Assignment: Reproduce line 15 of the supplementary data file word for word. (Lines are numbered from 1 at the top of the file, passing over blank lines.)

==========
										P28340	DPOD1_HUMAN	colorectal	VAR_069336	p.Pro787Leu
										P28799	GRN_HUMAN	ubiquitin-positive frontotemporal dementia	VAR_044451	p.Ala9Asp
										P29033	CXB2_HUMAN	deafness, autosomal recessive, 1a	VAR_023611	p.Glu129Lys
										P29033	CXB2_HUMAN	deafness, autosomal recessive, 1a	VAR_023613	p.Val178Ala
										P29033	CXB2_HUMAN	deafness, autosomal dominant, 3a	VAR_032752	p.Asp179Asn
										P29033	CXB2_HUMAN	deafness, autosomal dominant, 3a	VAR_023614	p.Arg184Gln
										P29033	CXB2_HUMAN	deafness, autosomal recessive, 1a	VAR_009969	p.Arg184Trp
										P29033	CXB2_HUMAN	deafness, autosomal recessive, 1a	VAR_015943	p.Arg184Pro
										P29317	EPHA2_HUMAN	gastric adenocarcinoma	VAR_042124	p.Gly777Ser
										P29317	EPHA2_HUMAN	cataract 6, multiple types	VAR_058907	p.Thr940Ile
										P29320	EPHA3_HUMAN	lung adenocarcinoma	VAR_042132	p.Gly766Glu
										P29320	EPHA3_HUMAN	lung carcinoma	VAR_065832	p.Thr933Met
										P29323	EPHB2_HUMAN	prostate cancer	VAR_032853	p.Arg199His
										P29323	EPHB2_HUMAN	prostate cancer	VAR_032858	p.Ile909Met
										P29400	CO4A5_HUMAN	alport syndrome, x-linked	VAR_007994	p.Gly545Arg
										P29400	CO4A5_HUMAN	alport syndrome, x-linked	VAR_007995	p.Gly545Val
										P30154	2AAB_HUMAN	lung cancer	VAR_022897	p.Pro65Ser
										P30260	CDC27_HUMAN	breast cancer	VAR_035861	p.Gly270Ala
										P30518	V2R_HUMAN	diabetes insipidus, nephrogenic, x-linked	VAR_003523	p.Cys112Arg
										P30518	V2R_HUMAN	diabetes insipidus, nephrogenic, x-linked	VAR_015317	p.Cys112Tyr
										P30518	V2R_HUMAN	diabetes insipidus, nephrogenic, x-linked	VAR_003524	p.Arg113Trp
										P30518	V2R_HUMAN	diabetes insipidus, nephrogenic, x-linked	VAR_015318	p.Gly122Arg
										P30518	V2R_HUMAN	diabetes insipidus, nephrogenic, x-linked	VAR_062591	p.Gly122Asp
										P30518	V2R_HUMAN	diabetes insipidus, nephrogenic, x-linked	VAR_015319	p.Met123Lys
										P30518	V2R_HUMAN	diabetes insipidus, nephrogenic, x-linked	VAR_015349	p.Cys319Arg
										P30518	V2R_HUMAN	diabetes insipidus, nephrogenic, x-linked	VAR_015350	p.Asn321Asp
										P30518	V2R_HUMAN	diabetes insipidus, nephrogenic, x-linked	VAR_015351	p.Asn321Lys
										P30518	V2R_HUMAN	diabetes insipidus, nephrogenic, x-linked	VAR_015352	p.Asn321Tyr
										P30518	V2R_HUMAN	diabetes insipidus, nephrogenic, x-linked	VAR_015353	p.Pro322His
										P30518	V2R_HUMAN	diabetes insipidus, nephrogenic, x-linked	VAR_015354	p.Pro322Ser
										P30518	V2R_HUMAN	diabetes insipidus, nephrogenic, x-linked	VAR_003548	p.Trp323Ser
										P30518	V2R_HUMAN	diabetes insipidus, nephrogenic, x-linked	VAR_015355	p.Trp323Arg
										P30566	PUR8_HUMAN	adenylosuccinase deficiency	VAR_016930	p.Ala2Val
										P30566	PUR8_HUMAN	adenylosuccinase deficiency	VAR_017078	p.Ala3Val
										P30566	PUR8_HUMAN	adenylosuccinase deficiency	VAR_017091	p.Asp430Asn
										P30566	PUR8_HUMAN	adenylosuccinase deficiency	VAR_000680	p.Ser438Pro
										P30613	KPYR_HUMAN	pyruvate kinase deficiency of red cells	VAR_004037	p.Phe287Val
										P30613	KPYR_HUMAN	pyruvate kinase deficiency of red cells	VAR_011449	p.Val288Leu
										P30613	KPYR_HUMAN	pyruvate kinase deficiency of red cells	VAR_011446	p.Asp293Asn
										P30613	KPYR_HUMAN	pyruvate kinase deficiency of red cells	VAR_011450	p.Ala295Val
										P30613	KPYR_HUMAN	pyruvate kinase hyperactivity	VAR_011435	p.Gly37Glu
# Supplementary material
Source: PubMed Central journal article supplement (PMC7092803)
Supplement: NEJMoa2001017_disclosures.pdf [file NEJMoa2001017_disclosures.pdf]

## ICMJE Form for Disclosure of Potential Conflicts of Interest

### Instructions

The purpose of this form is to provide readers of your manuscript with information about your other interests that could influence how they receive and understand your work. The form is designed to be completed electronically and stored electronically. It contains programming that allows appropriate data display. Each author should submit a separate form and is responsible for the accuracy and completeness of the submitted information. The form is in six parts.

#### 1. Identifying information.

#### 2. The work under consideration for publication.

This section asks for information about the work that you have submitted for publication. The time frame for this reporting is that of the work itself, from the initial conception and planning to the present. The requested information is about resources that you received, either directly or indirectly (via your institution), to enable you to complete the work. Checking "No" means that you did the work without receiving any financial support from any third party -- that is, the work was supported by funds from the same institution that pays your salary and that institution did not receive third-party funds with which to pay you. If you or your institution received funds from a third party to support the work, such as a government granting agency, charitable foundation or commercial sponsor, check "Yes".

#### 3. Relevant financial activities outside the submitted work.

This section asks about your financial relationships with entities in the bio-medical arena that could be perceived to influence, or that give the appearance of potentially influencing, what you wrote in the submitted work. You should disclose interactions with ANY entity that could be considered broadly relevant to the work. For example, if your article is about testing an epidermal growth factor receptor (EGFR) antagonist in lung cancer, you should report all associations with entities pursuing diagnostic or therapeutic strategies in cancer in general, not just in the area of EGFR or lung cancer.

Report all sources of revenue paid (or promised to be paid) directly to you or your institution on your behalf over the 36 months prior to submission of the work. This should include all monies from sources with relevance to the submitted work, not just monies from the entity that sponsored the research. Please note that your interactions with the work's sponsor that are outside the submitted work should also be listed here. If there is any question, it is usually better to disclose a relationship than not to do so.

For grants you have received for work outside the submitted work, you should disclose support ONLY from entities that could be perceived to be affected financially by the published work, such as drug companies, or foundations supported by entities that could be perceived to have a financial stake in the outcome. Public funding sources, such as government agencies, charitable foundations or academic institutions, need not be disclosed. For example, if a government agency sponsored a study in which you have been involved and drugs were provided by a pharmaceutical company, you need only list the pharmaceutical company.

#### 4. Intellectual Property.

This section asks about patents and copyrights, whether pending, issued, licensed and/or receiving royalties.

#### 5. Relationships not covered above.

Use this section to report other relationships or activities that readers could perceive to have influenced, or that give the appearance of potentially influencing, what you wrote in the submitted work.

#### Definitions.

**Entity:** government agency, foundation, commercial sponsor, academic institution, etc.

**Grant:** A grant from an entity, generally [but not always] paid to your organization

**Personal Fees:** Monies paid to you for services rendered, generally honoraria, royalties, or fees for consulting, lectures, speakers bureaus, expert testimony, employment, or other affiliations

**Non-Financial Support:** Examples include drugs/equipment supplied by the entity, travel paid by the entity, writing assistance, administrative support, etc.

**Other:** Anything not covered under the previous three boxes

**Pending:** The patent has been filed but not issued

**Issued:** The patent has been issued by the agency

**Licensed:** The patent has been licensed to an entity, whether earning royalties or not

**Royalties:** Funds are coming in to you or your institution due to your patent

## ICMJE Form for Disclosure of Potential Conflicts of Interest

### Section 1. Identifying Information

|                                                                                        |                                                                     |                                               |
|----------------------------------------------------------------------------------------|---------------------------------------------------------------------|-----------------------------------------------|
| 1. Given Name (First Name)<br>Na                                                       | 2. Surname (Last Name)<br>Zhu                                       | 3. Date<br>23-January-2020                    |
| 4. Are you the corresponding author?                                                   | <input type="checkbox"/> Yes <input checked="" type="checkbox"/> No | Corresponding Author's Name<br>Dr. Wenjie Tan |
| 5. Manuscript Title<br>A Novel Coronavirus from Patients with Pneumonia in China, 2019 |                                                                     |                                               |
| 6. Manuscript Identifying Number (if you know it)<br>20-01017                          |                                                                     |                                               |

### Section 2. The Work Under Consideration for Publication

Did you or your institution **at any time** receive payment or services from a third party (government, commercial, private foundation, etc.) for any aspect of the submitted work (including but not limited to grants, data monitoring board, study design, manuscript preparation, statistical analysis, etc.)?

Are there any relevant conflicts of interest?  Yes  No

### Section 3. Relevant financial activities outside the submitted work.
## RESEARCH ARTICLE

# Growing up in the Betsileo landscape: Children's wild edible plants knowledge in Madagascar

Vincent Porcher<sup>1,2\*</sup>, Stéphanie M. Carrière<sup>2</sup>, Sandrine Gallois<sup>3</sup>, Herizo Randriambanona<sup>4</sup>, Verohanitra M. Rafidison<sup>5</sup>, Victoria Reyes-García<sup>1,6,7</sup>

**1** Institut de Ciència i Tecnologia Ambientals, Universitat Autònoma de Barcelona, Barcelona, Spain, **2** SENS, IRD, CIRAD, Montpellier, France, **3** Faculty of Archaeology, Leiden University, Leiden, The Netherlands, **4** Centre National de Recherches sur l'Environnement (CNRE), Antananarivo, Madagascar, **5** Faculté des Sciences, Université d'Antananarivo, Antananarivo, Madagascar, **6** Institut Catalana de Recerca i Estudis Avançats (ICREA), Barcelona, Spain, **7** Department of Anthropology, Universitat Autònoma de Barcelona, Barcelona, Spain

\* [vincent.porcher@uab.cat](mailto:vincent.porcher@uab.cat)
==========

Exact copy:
										P29400	CO4A5_HUMAN	alport syndrome, x-linked	VAR_007994	p.Gly545Arg